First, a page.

The rear laneway is a hybrid of fences, garages and a few small houses that front the laneway directly. Consequently, the face of the studio needed to be part front elevation, part service lane frontage. An articulated wall framed in steel with pivoting copper and glass louvre infills can be partly operated to let light and air in when the studio is used as a living space, or it can work as a folding door should it be used as a garage. If only we could replace all the roller shutters in our back lanes with solutions like this – our laneways could become so much more than the service corridors many of them currently are.

After six years of thinking and designing, and three years of construction with the help of Kat’s son Jake and carpenter Sam Proud, a generous, lively, site-specific home has flourished. In the narration of one of their films, Charles and Ray Eames once said, “The details are not the details, they make the product.” This noble sentiment celebrates the role of attentive design and is a perfect summary of this inspired inner-city home.

Products and materials

Roofing
Lysaght Custom Orb in Zincalume.
External walls
Existing sandstock brick; Boral concrete blocks, rendered; James Hardie fibre cement cladding, rendered; recycled roof sheets from original house.
Internal walls
Gyprock plasterboard in Dulux quarter-strength ‘Lexicon’; existing sandstock brick.
Windows and doors
Stegbar cedar window frames and bifold doors in Sikkens finish; existing double-hung window in Intergrain UltraClear Exterior finish; Hume Doors and Windows solid-core doors; custom louvred cedar and steel doors in Integrain UltraClear Exterior finish.
Flooring
Brushbox tongue-and-groove floorboards; Carter Holt Harvey LVL bearers and joists; travertine from Artmar Natural Stone Warehouse.
Lighting
Hive Poppy Hanging Lamp and Smith pendant from Project 82; Bramah pendant from Living Edge; Cement Wood pendant from Kezu.
Main house kitchen
Gaggenau gas cooktop and oven; Astra Walker tapware; Schweigen rangehood; Franke sink; Electrolux fridge; Briggs Veneers Tasmanian oak veneer to MDF joinery; off-form concrete bench.
Studio kitchen
Smeg electric cooktop and oven; Phoenix tapware in matt black; Franke sink; Fisher and Paykel rangehood.
Bathroom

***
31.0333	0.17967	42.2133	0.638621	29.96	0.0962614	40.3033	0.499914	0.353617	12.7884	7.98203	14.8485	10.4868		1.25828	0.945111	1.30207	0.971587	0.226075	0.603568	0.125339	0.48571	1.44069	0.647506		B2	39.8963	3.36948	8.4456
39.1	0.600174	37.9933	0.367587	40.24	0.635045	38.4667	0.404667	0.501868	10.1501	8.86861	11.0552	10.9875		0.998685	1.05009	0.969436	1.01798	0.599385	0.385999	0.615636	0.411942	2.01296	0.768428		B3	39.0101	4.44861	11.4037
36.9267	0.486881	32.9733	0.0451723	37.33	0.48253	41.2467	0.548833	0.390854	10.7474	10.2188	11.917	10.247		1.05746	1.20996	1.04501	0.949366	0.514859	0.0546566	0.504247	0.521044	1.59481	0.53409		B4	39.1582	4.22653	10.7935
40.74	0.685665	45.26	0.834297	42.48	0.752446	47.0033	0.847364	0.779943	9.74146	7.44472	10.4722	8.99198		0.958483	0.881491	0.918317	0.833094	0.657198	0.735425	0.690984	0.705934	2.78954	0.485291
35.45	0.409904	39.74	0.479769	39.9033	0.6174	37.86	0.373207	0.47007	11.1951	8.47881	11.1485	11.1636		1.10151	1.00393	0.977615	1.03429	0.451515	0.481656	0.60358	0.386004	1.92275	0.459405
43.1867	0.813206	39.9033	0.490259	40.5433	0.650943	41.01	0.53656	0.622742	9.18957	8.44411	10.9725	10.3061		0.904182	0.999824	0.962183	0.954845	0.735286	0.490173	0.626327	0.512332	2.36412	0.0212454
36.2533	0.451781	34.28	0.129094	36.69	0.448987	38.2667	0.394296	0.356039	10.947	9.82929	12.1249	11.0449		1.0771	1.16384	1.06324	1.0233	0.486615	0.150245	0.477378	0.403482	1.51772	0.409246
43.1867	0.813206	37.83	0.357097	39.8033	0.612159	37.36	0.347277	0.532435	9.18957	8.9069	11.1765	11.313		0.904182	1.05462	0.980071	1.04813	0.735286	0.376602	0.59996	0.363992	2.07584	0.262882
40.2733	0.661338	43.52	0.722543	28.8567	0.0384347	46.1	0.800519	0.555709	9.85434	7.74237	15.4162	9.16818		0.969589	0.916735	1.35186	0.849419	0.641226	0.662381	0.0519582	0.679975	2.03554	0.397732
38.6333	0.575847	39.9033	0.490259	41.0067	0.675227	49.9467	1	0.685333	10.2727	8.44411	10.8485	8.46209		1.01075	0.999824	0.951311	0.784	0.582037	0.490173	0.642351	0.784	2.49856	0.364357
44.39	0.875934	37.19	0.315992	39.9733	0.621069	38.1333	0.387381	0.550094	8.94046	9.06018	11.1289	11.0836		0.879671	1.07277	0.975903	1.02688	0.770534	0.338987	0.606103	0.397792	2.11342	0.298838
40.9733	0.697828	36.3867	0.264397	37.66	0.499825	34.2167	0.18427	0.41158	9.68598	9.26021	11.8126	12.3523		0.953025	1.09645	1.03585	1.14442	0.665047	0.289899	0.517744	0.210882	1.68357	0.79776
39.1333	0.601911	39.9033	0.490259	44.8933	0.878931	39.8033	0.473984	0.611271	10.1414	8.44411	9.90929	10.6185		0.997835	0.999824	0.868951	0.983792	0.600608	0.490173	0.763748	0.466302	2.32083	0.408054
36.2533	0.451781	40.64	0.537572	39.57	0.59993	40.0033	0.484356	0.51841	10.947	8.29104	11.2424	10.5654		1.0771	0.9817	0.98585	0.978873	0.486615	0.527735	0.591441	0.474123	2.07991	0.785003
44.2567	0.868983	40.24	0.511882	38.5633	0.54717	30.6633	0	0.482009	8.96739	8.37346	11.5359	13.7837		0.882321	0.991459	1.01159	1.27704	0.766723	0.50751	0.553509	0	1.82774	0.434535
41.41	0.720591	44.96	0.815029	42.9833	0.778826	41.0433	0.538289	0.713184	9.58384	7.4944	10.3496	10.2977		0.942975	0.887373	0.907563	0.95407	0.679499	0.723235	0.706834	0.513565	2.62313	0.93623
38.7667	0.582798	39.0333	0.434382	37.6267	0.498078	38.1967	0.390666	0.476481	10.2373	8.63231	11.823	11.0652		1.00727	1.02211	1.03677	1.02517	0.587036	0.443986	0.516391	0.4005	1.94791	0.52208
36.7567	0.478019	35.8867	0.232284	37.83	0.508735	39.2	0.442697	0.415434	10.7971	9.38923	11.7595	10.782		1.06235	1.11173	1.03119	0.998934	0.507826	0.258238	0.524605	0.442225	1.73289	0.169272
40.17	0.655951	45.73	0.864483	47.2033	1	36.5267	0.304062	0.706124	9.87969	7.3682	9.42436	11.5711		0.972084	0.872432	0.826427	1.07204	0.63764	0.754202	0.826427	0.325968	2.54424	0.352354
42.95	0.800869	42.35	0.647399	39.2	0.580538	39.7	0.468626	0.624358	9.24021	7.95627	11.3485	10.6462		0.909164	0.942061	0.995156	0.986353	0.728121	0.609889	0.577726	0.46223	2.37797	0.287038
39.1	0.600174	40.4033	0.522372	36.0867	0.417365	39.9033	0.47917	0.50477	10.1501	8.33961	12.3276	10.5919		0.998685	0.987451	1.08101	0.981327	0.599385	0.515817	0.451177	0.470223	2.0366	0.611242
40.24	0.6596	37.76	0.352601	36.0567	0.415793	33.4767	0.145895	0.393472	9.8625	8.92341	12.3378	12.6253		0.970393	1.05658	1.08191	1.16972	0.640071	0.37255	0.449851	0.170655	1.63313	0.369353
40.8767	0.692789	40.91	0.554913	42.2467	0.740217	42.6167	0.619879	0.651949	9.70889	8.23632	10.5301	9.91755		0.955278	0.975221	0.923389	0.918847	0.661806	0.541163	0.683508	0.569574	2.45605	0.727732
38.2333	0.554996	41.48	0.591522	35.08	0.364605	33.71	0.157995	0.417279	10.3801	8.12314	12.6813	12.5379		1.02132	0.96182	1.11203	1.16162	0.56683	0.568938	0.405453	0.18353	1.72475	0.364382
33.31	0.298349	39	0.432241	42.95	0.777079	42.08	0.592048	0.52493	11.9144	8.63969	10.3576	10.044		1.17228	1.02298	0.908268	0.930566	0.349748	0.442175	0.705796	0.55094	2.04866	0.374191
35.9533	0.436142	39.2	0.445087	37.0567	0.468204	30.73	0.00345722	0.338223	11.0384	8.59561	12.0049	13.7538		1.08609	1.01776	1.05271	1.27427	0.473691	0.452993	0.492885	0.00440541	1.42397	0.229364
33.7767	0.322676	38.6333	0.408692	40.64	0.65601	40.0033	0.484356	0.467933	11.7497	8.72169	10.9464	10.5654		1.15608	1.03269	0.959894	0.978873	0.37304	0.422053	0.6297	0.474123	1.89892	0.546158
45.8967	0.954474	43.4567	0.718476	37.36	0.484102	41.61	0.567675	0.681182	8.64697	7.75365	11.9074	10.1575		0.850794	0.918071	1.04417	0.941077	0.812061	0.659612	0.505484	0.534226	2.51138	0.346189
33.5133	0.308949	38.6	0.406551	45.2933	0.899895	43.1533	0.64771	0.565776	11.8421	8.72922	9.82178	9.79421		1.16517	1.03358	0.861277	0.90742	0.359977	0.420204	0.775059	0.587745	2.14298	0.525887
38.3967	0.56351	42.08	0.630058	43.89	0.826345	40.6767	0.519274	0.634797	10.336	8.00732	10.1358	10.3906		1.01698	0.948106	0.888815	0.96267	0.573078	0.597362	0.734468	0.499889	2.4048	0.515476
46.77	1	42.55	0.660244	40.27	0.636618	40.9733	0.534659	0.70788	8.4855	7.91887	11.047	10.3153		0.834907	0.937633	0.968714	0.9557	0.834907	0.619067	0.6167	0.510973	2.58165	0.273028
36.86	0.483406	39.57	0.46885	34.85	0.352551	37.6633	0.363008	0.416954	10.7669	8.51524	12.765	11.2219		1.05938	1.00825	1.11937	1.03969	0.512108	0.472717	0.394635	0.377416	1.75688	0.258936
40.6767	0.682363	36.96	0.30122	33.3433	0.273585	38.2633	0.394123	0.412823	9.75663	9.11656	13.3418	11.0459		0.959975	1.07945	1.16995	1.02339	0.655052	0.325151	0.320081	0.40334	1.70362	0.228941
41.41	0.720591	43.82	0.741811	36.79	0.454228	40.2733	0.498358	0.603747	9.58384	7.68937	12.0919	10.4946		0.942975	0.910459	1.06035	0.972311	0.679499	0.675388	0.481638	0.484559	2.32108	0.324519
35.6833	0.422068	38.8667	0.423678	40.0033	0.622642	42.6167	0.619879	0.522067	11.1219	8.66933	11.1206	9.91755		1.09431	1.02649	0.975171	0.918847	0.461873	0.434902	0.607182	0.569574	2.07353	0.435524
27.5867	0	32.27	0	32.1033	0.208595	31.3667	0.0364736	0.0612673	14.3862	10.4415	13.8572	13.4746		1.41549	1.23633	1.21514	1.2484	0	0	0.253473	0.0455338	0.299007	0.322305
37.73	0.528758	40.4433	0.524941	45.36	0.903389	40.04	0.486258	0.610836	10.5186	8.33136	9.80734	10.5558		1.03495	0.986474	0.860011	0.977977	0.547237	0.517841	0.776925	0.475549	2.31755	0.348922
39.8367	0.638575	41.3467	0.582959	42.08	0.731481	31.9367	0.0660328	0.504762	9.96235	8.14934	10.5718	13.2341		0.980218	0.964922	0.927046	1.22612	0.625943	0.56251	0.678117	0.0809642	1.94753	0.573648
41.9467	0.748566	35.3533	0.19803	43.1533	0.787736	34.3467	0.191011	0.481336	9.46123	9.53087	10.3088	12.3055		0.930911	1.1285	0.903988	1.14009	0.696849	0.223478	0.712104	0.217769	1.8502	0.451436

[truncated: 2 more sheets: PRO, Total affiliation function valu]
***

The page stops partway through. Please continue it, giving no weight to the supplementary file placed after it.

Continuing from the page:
Phoenix tapware in matt black and towel rails; Vivo toilet; Caroma bath; marble basin from Vietnam; Briggs Veneers Tasmanian oak veneer to joinery; off-form concrete bench.
External elements
Ironbark decking in Sikkens stain; Bowral dry-pressed paver; salvaged travertine.

Credits

Architect
David Mitchell Architects
Sydney, NSW, Australia
Project Team
David Mitchell, Kat Wilson, Richard Carr, Jake Wilson
Consultants
Builder David Mitchell, Sam Proud
Engineer Cardno
Steel fabrication ACM Group (NSW)
Site details
Location Sydney,  NSW,  Australia
Site type Suburban
Site area 154 m2
Building area 200 m2
Category Residential buildings
Type Houses, Residential
Project Details
Status Built
Completion date 2015
Design, documentation 3 months
Construction 36 months

Source

Project

Published online: 18 Jan 2017
Words: David Welsh
Images: Michael Nicholson

Issue

Houses, October 2016

Related topics

More projects

See all
Porosity at the three public-street frontages, 
in particular the arcade on James Street, strengthens the building’s civic gestures. Urbane luxury: The Calile Hotel

A new hotel in Brisbane’s Fortitude Valley is evocative of luxury tropical resorts yet also carefully assimilates into the emerging urban character of the James …

The bulk of the Green Square Library is buried underground, with parts emerging from the ground plane as a series of built elements and sunken voids. A diorama in a messy city: Green Square Library and Plaza

In the evolving urban precinct of Sydney’s Green Square, the unconventional organization of a library and its plaza – designed by Studio Hollenstein in association …

The 2018 NGV Architecture Commission Doubleground reflects on the fractured nature of memory and the iconic Roy Grounds-designed spaces of its location. Bottom left: Draped Seated Woman (1958), Henry Moore. Memory lane: Doubleground

Marked by fluid boundaries and tilted terrain, Muir and Openwork’s installation is a potent reflection on architecture, experience and the relationship of memory to place.

In the dining and sitting spaces, solid walls give way to operable glazed panels that allow the pavilion to be transformed into a platform. A strong sense of place: Three Capes Track Lodges

Part of an evolving tradition of place-sensitive architecture in the Tasmanian wilderness, these walking lodges sit back in the landscape and let the spectacular scenery …

Most read

Latest on site

Calendar